Review of Wellbeing Indicators

Security: Personal Safety

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Security: Personal Safety

A feeling of safety when out and about or at home is a very important factor in sustaining independence and engagement. While all age groups need to feel safe in their own homes and neighbourhoods, there is some evidence that older people are more fearful for their own safety. This fear may be linked to the potential vulnerability of older people both within their own homes and in the surrounding environment. In particular, adults who are aged 80 and over tend to report greater feelings of unsafety relative to younger-old adults (aged 60-79) (de Donder, de Witte, Dury, Buffel, & Verté, 2012).

Older people identify safety at home and in their neighbourhood as key elements of good quality of life (Gabriel & Bowling, 2004). Consistent with this, older adults who live in unsafe or deprived areas tend to report lower life satisfaction (Ferrer-i-Carbonell & Gowdy, 2007; Lelkes, 2006; Shields & Wheatley Price, 2005). Feelings of unsafety or fear of crime are more common among adults who live in areas with low social cohesion, or who feel that society is ageist, (de Donder et al., 2012; Schweitzer, Kim, & Mackin, 1999). Fear and loneliness can perpetuate each other – feeling unsafe may lead to increased social isolation, which in turn increases feelings of being unsafe (Jakobsson & Hallberg, 2005).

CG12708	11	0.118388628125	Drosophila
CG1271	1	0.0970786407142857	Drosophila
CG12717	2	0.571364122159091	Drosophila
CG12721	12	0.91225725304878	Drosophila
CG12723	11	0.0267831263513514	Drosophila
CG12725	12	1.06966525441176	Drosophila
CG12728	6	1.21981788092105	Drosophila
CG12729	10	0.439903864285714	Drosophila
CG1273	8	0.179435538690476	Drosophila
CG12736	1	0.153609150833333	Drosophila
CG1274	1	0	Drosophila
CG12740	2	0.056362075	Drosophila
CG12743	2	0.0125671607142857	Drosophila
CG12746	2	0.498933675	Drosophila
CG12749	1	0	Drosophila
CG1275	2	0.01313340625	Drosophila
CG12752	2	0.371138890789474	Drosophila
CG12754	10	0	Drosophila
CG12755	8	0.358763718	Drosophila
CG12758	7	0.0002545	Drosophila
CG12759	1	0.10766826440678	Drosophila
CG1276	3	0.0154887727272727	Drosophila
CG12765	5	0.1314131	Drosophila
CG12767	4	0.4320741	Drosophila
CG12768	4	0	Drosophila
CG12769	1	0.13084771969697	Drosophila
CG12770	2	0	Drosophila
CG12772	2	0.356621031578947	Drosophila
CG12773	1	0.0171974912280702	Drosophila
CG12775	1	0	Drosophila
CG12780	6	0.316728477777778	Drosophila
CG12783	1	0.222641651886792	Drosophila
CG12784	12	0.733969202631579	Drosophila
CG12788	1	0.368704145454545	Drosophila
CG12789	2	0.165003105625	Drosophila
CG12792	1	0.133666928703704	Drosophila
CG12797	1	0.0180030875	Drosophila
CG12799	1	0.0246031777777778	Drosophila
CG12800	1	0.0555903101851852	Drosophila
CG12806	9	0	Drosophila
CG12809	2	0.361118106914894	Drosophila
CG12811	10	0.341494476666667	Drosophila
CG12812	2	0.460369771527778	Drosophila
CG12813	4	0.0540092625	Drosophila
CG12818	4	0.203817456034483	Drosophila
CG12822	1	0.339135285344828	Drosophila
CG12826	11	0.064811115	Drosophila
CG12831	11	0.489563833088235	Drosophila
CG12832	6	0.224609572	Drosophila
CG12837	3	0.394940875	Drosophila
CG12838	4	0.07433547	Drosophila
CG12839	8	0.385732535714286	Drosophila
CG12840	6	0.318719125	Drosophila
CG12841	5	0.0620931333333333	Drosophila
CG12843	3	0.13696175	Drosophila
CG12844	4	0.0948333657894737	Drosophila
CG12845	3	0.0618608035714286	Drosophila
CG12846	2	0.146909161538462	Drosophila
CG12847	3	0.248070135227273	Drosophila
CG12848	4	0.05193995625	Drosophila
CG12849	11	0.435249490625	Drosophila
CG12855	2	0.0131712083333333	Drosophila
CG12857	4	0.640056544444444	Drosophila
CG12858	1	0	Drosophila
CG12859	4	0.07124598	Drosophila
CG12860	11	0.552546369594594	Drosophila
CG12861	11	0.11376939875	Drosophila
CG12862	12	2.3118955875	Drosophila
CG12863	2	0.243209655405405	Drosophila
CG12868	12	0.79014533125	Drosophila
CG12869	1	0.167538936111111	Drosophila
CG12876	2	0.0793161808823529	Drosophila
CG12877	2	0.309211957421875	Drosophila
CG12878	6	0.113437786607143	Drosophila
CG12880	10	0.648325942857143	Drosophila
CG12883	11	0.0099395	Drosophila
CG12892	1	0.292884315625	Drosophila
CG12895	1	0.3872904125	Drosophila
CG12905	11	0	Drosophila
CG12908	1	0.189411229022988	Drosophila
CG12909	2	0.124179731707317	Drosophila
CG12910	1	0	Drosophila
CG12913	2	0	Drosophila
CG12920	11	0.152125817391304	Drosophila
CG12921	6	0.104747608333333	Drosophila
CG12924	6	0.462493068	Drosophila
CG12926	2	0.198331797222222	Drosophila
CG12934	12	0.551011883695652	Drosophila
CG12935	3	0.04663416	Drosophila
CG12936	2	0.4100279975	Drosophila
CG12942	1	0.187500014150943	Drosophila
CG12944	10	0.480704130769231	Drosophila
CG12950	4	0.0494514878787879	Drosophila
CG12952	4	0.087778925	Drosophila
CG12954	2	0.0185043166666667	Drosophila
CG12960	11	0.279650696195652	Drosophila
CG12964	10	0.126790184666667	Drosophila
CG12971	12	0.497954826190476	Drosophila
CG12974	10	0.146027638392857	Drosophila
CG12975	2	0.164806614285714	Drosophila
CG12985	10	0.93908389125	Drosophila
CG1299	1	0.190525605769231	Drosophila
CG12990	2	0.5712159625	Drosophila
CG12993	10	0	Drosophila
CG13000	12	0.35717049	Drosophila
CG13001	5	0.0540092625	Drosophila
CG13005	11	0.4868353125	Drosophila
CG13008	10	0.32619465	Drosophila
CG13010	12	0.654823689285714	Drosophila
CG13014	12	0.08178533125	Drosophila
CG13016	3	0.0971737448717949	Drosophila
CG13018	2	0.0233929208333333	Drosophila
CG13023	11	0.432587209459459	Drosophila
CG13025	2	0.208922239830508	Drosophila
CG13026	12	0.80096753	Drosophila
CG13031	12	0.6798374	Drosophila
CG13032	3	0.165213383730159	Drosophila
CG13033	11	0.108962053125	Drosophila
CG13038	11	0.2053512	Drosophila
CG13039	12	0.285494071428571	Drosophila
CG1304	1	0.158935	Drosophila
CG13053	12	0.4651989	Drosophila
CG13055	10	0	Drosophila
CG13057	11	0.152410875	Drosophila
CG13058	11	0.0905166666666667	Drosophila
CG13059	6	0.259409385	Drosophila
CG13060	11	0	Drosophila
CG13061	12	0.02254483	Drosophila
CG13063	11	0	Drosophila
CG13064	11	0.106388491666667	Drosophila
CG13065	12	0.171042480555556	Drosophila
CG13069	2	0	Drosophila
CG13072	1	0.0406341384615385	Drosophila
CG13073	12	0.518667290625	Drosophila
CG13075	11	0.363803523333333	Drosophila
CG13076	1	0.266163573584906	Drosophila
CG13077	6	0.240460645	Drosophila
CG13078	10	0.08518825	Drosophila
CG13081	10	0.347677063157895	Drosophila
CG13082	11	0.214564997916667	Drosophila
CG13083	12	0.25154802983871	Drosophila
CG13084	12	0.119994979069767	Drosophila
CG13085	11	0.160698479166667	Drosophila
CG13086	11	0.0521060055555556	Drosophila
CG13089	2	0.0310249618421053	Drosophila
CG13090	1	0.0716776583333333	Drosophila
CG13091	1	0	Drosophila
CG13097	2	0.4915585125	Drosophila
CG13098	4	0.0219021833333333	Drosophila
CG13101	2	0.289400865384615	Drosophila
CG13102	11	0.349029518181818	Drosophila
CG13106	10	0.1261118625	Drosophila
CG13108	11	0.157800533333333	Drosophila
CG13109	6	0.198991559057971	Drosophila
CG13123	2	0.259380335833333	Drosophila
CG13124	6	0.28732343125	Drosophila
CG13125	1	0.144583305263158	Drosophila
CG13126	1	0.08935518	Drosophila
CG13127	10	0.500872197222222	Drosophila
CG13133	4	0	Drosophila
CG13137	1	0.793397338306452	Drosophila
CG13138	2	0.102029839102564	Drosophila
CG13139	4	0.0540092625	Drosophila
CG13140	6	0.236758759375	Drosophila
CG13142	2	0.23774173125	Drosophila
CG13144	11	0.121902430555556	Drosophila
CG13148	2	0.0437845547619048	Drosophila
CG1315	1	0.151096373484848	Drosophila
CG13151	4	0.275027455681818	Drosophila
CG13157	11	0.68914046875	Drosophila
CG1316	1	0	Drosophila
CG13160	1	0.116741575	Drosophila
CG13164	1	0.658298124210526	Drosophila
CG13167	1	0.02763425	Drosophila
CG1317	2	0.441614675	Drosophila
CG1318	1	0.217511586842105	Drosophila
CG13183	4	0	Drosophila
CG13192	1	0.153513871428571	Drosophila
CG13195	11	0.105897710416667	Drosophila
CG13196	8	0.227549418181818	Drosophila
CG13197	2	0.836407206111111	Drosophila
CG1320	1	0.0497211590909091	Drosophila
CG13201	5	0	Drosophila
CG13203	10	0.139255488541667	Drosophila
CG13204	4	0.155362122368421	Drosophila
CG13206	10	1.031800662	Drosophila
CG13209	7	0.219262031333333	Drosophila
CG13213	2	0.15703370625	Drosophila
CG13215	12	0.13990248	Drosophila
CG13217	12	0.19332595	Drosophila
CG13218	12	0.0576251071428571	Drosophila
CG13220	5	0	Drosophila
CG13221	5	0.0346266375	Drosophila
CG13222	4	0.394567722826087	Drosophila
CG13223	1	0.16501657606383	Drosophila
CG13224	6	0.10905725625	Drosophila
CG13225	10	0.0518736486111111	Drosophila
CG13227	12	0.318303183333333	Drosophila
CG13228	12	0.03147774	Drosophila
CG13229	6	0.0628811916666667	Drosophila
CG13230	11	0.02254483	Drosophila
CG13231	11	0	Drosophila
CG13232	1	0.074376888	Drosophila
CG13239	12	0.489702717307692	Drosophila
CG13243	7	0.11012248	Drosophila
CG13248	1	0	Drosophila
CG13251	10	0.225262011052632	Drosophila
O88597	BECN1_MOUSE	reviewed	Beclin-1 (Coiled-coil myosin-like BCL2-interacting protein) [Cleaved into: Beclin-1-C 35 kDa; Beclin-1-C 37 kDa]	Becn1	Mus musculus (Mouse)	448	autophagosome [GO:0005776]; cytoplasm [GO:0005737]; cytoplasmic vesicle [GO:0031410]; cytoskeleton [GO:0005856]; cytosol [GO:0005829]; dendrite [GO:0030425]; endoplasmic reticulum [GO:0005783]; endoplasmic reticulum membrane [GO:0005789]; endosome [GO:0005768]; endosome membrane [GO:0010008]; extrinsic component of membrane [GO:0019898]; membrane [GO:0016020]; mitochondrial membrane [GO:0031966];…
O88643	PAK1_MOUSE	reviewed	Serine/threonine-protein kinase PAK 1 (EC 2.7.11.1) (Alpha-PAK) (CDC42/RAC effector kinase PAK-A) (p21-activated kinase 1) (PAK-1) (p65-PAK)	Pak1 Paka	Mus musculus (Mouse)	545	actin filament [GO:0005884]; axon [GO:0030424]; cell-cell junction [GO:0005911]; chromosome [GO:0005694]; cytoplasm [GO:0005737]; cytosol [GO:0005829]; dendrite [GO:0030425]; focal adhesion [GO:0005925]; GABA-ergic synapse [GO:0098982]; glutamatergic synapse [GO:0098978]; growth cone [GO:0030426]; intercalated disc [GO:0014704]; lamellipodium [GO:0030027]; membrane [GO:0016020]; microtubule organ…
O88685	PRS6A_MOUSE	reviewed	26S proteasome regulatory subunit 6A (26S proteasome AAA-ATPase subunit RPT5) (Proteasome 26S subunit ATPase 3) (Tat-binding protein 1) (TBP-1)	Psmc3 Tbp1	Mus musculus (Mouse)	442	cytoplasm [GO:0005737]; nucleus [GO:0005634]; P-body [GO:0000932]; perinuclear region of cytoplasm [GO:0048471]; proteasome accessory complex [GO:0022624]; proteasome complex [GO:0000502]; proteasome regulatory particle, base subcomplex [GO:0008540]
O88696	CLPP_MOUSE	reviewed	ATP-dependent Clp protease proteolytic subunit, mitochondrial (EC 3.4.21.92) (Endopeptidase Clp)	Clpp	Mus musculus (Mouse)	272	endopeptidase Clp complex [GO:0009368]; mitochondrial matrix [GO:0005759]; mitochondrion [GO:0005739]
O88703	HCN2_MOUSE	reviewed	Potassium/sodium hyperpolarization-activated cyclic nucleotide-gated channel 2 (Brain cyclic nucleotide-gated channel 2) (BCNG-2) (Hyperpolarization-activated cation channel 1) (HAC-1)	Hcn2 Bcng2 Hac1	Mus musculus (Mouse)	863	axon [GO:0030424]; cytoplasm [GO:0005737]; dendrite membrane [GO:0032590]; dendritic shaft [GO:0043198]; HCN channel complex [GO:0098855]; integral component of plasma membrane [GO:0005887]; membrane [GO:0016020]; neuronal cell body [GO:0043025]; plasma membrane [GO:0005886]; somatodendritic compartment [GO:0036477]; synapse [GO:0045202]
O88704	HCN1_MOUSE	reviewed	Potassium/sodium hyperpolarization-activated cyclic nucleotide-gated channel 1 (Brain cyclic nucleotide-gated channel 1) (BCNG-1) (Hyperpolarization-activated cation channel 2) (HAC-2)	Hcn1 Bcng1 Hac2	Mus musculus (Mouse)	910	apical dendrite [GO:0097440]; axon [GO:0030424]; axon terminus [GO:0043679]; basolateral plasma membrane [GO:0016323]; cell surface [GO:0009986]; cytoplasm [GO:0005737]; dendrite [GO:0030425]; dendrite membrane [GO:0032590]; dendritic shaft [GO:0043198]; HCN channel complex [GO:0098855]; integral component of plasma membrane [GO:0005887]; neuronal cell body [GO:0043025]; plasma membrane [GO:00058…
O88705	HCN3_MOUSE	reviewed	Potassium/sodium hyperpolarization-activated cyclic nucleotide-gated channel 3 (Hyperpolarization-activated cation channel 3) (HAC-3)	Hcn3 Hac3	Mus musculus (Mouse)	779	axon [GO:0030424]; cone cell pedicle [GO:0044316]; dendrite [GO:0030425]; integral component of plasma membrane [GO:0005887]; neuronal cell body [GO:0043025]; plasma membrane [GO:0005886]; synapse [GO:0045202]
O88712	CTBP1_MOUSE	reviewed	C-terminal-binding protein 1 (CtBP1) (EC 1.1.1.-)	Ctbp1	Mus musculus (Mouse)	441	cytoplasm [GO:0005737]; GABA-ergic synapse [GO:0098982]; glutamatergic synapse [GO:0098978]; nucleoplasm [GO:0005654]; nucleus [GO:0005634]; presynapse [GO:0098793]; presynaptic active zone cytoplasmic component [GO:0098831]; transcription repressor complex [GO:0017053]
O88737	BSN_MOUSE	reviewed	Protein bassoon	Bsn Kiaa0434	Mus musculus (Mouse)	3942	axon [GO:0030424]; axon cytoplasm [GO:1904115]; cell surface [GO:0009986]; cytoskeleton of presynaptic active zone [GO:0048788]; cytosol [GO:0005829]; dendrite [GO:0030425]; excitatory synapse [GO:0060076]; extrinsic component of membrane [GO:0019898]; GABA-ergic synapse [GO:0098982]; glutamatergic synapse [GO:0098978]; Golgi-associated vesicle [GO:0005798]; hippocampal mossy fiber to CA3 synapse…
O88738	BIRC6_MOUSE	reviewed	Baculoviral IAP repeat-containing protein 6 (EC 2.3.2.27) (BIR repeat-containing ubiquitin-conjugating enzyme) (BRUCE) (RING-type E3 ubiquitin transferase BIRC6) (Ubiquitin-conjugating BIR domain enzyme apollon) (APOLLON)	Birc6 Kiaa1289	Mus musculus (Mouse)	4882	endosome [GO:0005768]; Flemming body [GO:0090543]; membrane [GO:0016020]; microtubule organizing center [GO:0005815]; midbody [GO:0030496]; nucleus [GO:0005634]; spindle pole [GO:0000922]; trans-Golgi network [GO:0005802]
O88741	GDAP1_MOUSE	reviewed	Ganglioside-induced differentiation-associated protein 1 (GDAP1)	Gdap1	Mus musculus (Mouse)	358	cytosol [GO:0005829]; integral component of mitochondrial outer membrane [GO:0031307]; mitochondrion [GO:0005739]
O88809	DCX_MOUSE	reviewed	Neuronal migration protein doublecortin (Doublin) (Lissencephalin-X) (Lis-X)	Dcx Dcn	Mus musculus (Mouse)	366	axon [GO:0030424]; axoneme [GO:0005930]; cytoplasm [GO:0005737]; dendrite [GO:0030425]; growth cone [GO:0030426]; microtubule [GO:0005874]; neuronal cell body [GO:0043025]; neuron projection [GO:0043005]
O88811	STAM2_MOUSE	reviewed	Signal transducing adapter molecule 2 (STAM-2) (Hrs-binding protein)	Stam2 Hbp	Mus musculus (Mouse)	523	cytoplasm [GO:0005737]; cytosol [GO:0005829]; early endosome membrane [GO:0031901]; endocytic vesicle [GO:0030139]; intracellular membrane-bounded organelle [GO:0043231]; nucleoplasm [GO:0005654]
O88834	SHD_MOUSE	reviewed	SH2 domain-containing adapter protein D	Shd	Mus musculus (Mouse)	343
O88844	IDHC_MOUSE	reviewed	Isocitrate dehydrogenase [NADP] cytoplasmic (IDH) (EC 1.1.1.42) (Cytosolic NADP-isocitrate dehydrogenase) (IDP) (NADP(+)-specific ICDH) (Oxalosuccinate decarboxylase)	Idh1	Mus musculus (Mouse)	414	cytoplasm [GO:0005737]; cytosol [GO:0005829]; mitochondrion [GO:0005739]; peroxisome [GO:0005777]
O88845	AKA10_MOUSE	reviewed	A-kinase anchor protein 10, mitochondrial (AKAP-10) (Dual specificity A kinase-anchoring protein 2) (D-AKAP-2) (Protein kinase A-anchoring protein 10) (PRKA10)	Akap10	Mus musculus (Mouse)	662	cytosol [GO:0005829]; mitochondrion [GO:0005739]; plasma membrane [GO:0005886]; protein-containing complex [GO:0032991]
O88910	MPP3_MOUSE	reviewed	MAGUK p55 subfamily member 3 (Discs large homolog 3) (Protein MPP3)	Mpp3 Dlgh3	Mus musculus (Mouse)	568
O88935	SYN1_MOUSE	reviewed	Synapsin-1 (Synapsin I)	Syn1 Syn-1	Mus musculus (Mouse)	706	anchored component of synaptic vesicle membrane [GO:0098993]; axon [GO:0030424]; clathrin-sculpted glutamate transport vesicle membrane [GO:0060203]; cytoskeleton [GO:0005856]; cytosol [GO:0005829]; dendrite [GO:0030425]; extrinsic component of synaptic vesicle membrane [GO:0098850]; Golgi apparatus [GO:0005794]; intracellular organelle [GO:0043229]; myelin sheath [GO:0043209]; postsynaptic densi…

In addition to fear of crime, older adults may be afraid to go outside for health reasons, particularly fear of falling. However, this fear may have a further negative effect on health, as evidence suggests that older adults who say that they are afraid to go outside are more likely to have increased difficulties walking 6 months later, compared with those who are not afraid (Rantakokko et al., 2009). Older adults who perceive their neighbourhoods as unsafe, particularly at night, tend to engage in less physical activity, regardless of socioeconomic status (Bennett et al., 2007; Tucker-Seeley, Subramanian, Li, & Sorensen, 2009).

Elder abuse is increasingly recognised as a threat to the personal safety of older adults. The WHO has defined elder abuse as a

single or repeated act or lack of appropriate action occurring within any relationship where there is an expectation of trust, which causes harm or distress to an older person” (WHO 2002: 3).

Mistreatment can be physical, psychological or sexual, or involve neglect. Estimates of the prevalence of elder abuse vary widely, from less than 1 in 100 in Spain one to 1 in 3 in Israel (Naughton et al., 2010). A recent survey in Ireland suggested that 2.2% or one in 45 adults aged 65 or over had experienced abuse in the previous 12 months (Naughton et al., 2010). This equates to just over 10,000 people. Women, the oldest-old, and older adults with poorer physical health appear to be more likely to experience abuse. Elder abuse can have severe psychological and physical consequences and often goes un-reported.

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